Anaphylaxis is a potentially life threatening, severe allergic reaction and should always be treated as a medical emergency. Adrenaline injected into the outer mid-thigh muscle is the first line treatment for anaphylaxis. Adrenaline (epinephrine) is a natural hormone released in response to stress. When injected, adrenaline rapidly reverses the effects of anaphylaxis by reducing throat swelling, opening the airways, and maintaining heart function and blood pressure.
Management of anaphylaxis
1. Identify and avoid the cause where possible.
2. Have an ASCIA Action Plan for Anaphylaxis and adrenaline autoinjector close by (easily accessible) to treat if accidental exposure occurs.
ASCIA Action Plans for Anaphylaxis (emergency response plan) must be completed by a doctor and should be kept with the adrenaline autoinjector as the plans include instructions on when and how to give an adrenaline autoinjector. Adrenaline autoinjectors contain a single, fixed dose of adrenaline, and have been designed to be given by non-medical people, such as a friend, teacher, childcare worker, parent, passer-by or by the patient themselves (if they are not too unwell to do this).
Use of adrenaline in anaphylaxis assists the body's natural response
The body's natural response to anaphylaxis is to release adrenaline, a natural "antidote" to some of the chemicals released as part of a severe allergic reaction. Therefore, injected adrenaline assists the body's natural response. As adrenaline is destroyed by enzymes in the stomach, it needs to be injected. It cannot be given by mouth, and inhaled adrenaline is ineffective. Adrenaline injected into the outer mid-thigh muscle, works rapidly to reduce throat swelling, open up the airways and maintain heart function and blood pressure. It is the only medication available for the immediate treatment of severe allergic reactions (anaphylaxis
The potential risks of NOT giving adrenaline far outweigh the potential risks of giving adrenaline
If anaphylaxis is suspected, give the adrenaline autoinjector as not giving the adrenaline autoinjector can be more harmful than giving it, even when it may not have been necessary. If in doubt, give the adrenaline autoinjector.
Common side effects of adrenaline include increased heart rate, trembling and paleness. Therefore, someone may look unwell even after the adrenaline autoinjector has been given. Of course needles may hurt, but you have to remember why you are using it and that the adrenaline can be life-saving.
Store adrenaline at room temperature
Adrenaline autoinjectors should be stored in a cool dark place at room temperature, but NOT refrigerated as this can damage the autoinjector mechanism. Whilst they should be kept out of the reach of small children, adrenaline autoinjectors must be readily available when needed and not in a locked cupboard. The shelf life of adrenaline is normally 1 or 2 years from the date of supply. You need to regularly check the expiry date on the adrenaline autoinjector.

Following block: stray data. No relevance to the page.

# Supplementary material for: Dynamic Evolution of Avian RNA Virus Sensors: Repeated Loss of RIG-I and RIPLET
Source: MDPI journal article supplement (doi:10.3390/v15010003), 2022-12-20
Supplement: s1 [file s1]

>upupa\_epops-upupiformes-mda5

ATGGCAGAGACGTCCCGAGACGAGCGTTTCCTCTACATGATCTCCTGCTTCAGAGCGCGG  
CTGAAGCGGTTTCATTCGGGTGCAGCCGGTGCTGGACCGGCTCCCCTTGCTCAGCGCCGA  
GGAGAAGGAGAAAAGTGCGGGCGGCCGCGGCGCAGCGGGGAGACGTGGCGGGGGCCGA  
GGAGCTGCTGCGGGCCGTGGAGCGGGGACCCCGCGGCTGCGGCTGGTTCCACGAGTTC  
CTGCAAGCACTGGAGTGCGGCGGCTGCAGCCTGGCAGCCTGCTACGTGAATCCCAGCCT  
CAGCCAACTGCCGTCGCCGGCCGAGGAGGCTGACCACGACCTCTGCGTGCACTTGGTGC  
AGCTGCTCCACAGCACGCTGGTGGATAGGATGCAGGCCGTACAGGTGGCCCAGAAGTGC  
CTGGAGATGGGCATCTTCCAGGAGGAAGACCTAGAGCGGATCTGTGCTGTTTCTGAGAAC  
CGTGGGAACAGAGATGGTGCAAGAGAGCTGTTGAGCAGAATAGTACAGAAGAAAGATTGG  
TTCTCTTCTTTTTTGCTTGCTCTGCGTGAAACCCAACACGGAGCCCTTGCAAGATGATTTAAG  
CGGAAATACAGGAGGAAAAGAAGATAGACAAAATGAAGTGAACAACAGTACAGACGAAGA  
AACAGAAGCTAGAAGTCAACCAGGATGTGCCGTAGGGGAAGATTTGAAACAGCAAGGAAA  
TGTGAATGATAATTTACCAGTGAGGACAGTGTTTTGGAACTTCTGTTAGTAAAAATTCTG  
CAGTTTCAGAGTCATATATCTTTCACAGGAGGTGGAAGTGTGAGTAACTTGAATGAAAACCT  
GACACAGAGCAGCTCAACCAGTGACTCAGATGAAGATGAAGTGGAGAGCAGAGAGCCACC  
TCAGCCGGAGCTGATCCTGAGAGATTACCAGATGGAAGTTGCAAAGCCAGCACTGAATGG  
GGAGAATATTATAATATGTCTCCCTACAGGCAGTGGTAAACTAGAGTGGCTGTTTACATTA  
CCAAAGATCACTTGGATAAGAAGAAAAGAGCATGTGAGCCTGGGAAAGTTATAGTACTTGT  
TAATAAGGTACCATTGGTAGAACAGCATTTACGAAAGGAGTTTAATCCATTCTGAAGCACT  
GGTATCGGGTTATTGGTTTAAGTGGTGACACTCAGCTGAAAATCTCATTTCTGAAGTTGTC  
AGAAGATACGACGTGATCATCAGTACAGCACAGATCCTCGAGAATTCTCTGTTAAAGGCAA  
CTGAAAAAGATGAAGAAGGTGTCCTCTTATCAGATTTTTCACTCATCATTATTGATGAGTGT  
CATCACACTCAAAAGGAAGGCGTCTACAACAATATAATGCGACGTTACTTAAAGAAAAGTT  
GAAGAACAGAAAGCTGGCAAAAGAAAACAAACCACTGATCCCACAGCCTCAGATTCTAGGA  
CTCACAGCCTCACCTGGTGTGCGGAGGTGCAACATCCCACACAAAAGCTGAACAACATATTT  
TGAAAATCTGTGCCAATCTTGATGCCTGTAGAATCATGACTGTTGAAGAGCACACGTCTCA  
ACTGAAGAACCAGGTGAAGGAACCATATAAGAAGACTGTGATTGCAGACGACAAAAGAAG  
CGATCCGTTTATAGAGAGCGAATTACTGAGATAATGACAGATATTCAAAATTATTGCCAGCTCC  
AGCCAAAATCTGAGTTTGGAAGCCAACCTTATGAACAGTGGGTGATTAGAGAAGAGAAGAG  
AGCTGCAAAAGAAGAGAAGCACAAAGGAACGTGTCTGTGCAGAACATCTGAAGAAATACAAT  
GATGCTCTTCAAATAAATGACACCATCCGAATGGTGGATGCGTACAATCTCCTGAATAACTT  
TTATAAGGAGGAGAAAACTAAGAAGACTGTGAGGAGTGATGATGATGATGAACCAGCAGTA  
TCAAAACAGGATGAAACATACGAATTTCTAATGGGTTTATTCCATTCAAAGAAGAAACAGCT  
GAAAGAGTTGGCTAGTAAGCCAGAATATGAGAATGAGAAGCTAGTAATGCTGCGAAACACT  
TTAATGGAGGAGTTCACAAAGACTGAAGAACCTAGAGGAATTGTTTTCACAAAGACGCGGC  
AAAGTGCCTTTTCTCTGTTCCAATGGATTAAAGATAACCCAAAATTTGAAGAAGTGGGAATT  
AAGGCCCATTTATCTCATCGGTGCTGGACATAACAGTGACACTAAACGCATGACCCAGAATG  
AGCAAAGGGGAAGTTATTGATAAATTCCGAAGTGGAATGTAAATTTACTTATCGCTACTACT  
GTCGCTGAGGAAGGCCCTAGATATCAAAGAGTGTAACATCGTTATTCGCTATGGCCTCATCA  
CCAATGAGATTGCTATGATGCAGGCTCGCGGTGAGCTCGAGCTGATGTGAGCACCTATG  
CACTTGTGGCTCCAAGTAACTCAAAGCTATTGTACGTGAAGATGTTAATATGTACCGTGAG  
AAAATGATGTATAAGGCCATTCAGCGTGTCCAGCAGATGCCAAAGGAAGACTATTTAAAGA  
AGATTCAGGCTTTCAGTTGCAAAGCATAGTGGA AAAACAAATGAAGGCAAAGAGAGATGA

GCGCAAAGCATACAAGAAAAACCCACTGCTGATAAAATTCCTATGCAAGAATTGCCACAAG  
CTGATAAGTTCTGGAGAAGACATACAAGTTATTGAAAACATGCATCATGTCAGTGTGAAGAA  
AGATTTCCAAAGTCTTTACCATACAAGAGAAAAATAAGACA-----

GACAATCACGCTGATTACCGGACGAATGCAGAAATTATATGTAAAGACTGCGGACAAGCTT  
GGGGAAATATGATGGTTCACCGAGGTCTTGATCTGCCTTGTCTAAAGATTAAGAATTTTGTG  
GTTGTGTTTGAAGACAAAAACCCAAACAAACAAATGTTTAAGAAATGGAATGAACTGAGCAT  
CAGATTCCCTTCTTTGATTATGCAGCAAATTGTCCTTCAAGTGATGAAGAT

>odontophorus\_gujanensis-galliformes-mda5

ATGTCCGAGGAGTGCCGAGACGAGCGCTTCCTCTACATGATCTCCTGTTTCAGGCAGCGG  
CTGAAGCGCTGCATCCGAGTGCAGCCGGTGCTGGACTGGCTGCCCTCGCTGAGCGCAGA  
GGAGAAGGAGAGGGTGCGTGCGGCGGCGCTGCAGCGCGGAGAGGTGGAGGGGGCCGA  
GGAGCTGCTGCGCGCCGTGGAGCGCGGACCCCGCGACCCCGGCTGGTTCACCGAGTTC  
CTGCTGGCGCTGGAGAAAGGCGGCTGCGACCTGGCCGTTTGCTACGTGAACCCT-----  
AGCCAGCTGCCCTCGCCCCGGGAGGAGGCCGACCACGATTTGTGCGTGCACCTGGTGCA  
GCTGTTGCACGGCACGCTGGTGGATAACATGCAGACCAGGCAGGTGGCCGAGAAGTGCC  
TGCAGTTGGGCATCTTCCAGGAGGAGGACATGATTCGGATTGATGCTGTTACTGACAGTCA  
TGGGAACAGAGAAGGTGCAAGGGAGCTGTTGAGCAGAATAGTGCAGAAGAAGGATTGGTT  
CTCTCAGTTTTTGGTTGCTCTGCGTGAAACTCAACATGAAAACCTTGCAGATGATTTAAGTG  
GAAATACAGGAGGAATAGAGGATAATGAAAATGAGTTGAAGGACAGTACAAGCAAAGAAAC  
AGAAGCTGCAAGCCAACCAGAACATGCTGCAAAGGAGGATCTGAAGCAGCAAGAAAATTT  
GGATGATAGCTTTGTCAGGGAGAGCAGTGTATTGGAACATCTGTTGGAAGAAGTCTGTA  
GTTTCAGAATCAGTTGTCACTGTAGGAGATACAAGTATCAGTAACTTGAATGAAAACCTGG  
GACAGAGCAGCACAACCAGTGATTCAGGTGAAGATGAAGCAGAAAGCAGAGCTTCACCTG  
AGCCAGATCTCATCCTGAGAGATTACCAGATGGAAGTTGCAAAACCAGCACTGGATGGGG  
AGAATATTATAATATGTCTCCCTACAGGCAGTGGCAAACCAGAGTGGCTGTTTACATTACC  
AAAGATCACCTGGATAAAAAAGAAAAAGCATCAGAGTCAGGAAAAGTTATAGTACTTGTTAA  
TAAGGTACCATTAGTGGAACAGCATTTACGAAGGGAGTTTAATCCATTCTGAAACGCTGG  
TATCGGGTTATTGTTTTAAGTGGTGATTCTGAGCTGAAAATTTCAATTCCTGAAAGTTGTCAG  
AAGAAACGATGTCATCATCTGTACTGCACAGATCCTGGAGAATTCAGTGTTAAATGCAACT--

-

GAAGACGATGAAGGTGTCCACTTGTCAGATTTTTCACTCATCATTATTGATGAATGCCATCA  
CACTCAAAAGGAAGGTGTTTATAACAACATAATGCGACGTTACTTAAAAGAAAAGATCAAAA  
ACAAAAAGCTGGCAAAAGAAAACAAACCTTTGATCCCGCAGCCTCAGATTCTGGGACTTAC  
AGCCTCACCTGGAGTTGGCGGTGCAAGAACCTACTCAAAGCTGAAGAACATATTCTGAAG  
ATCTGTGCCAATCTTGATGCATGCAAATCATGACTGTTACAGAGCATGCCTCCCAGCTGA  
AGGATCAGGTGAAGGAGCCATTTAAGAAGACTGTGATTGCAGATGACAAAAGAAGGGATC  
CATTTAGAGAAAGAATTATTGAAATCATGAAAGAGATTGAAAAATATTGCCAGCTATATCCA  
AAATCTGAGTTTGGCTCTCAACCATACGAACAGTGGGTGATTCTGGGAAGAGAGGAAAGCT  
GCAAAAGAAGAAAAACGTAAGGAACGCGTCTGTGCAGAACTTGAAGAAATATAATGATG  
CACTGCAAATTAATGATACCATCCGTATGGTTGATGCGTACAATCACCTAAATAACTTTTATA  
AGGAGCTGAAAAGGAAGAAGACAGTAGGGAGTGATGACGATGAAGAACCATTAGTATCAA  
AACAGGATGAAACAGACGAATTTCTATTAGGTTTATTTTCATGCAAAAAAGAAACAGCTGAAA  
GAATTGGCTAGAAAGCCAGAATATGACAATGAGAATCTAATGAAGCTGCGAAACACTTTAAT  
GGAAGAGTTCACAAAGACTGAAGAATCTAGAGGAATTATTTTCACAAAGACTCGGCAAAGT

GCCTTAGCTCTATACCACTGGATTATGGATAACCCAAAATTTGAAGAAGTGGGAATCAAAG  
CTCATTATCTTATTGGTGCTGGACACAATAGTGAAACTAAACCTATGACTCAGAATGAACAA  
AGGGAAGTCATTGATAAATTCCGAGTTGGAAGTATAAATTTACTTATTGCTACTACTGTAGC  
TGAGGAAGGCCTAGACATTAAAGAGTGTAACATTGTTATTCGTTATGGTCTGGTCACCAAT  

Adrenaline should be injected into the muscle of the outer mid thigh
Adrenaline is absorbed most rapidly when injected into the outer mid-thigh muscle. Injecting into the outer mid-thigh also makes it extremely unlikely that damage to any nerves or tendons will occur, or that it will be inadvertently injected into an artery or vein. It is also the least painful part of the body to give an injection.
It is important to lay the person flat – do not allow them to stand or walk. If breathing is difficult allow them to sit. If unconscious, place them in the recovery position (on their side). They must not walk to or from the ambulance even if they appear to have improved or recovered.
There are two doses of adrenaline autoinjectors available in Australia and New Zealand
Your doctor will advise which dose is required.
- EpiPen adrenaline autoinjectors (0.3mg) are usually prescribed for children over 20kg and adults.
- EpiPen Jr adrenaline autoinjectors (0.15mg) are usually prescribed for children weighing 10-20kg.
Each adrenaline autoinjector contains a single fixed dose of adrenaline. It is designed to be used as a first aid device by people without any medical or nursing training. Instructions for adrenaline autoinjectors are shown on the ASCIA Action Plans for Anaphylaxis that are available on the ASCIA website: www.allergy.org.au/health-professionals/anaphylaxis-resources/ascia-action-plan-for-anaphylaxis
It is important to check that you have been given the ASCIA Action Plan which matches the device you have been prescribed.
If you or your child has been prescribed an adrenaline autoinjector, it is important that you learn and practise how to use it, using a trainer device, which does not contain adrenaline. It is recommended that you practise using the trainer device at least every 3-4 months.
ASCIA anaphylaxis resources: www.allergy.org.au/health-professionals/anaphylaxis-resources
The ASCIA website (www.allergy.org.au/patients/patient-support-organisations) includes a list of patient organisation websites including:
© ASCIA 2015
The Australasian Society of Clinical Immunology and Allergy (ASCIA) is the peak professional body of clinical immunology and allergy specialists in Australia and New Zealand.
Postal address: PO Box 450 Balgowlah, NSW Australia 2093
This document has been developed and peer reviewed by ASCIA members and is based on expert opinion and the available published literature at the time of review. Information contained in this document is not intended to replace medical advice and any questions regarding a medical diagnosis or treatment should be directed to a medical practitioner.
The development of this document is not funded by any commercial sources and is not influenced by commercial organisations.
Content last updated June 2015